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MouthGuard Myths

CHICAGO, Illinois – The perceived danger in sports forms parents' views toward mouthguards more than the actual risk of injury, according to a recent survey. Parents tend to encourage mouthguards only if their child participates in sports that require mouthguards (like football, hockey or wrestling) or if their child has suffered an oral injury during sports. The results of the survey, published in the December 1997 issue of Pediatric Dentistry, the Journal of the American Academy of Pediatric Dentistry, evaluated parental attitudes to find out why so few parents encourage their children to use mouthguards in sports. Researchers identified several mouthguard myths in parents' responses:
  • Which sports are risky? More than half the parents who responded to the survey believe that football, hockey and wrestling are sports that place children most at risk for oral and facial injury and therefore should have mandatory policies. However, parents surveyed perceived little need for mouthguards in basketball, baseball and soccer. Of the total injuries reported in the survey, 19 percent occurred in basketball, 17 percent in baseball and 11 percent in soccer.

  • "It's too uncomfortable." Parents generally adopted their child's opinion on mouthguards, reporting reasons for not wearing mouthguards as "uncomfortable," "poor retention and loose fit" and "gagging and nausea." Notably in this survey, no data were collected regarding how many of the children were wearing stock or mouth-formed mouthguards as opposed to custom-made mouthguards. Though children's criticism may be valid, parents may change their attitudes if they are informed of measures that can eliminate discomfort.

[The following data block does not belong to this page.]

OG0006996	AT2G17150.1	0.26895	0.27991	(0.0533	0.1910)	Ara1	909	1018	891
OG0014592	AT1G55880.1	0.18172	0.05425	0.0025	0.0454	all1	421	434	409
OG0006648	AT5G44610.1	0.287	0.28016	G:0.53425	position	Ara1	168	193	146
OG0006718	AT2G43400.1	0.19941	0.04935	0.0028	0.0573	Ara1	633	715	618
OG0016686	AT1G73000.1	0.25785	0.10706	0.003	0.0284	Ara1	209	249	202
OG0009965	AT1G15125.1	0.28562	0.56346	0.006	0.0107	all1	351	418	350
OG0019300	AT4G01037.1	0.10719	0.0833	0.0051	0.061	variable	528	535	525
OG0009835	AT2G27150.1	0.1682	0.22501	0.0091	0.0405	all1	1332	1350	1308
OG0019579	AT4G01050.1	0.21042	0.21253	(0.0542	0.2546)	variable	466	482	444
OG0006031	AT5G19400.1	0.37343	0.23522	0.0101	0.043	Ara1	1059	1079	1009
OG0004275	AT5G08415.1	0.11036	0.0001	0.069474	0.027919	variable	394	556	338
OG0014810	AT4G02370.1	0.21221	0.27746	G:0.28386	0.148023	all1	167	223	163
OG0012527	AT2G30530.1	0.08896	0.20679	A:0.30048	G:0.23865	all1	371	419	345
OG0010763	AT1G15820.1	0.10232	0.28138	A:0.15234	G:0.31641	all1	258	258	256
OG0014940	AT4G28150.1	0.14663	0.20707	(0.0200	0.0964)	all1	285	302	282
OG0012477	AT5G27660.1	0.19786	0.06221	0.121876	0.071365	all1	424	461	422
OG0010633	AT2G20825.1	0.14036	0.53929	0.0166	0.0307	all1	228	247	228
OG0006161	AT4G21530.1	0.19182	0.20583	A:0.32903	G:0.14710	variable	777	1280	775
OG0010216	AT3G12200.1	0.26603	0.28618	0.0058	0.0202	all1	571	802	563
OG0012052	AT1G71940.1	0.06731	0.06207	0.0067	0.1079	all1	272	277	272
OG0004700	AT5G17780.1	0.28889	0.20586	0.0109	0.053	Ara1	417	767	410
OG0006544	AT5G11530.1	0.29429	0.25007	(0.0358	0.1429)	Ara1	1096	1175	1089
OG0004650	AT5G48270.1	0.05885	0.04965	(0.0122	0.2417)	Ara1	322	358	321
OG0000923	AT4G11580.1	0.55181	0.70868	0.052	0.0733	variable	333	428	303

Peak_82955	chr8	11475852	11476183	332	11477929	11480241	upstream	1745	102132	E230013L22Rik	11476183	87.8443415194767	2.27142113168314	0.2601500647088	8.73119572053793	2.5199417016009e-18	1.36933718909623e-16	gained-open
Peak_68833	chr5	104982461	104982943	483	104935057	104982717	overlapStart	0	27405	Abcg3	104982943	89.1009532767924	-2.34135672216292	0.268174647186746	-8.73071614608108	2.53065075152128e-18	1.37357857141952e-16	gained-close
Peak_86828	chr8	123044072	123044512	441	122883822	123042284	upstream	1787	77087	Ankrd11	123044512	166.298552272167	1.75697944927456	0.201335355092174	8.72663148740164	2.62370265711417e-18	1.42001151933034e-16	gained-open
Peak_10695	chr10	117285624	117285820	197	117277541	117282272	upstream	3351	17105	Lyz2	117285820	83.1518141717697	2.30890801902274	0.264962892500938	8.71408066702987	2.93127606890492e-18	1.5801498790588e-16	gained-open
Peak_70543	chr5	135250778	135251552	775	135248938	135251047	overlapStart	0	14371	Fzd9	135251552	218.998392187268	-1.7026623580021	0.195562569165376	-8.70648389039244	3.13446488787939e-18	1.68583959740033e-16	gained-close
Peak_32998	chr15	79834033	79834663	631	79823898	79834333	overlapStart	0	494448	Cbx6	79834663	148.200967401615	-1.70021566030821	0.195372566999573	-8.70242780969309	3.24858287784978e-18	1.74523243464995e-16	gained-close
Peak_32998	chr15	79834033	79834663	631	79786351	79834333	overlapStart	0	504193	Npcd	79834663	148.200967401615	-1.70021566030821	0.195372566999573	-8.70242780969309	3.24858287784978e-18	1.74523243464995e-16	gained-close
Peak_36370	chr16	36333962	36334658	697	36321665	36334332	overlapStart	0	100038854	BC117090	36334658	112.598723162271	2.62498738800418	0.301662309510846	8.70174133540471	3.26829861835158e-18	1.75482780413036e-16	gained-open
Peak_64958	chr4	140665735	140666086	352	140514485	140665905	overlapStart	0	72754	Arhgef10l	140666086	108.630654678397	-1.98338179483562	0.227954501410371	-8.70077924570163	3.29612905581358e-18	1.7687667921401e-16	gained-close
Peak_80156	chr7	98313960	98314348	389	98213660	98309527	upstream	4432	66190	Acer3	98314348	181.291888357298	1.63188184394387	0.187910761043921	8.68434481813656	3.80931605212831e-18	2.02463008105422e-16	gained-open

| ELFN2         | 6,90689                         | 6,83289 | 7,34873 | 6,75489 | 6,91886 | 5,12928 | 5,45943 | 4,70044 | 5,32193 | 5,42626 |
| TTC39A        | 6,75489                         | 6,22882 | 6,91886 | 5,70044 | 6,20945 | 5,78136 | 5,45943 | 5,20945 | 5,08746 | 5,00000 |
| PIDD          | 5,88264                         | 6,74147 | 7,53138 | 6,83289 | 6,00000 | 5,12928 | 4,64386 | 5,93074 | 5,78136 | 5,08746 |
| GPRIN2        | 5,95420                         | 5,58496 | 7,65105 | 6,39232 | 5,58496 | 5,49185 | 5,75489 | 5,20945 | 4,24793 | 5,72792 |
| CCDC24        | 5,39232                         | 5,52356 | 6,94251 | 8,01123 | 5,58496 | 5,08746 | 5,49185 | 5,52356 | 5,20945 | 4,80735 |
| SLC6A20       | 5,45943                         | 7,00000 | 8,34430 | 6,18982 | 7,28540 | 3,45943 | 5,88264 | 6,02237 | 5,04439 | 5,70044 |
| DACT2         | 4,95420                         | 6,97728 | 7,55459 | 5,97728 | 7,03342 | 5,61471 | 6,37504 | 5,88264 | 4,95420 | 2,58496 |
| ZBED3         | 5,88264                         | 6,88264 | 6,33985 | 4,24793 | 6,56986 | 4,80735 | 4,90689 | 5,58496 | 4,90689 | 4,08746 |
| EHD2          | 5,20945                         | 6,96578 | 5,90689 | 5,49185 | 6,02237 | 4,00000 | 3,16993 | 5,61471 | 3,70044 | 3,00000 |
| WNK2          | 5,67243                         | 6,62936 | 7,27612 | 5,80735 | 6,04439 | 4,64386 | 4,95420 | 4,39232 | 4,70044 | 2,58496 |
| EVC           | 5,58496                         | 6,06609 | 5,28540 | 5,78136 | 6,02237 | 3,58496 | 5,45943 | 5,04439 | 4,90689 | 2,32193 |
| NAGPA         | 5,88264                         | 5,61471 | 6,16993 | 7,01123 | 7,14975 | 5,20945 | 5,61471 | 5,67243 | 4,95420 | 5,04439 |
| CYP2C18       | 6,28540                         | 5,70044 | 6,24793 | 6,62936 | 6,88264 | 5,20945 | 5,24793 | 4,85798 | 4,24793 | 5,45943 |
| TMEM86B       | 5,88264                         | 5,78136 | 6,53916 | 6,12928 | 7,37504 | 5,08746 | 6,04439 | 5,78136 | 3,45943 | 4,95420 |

• Who needs them most, boys or girls? Parents were more likely to encourage mouthguards for sons than daughters. Researchers attribute this to the perceived notion that males are more likely to be involved in traditional contact sports. However, recent studies report that oral and facial injuries to female athletes exceed those in males.

  • Is requiring mouthguards the best way to ensure their use? Despite the high number of parents who never received information about mouthguards, 42 percent nonetheless purchased one for their child. Why? Most parents reported mandatory-mouthguard sports as the sport of choice for their child.

  • How much information do parents receive about mouthguards? Researchers concluded that parents have little information to help them decide when to encourage mouthguards, which is a possible explanation for contradictory attitudes. Three-quarters of the parents surveyed never received any mouthguard information. Of those who have, most obtain the information through children's sports programs or by dental treatment plans. However the majority of parents surveyed say they want their children to use mouthguards and believe it's up to parents and coaches to regulate their use.

SOURCE: American Academy of Pediatric Dentistry

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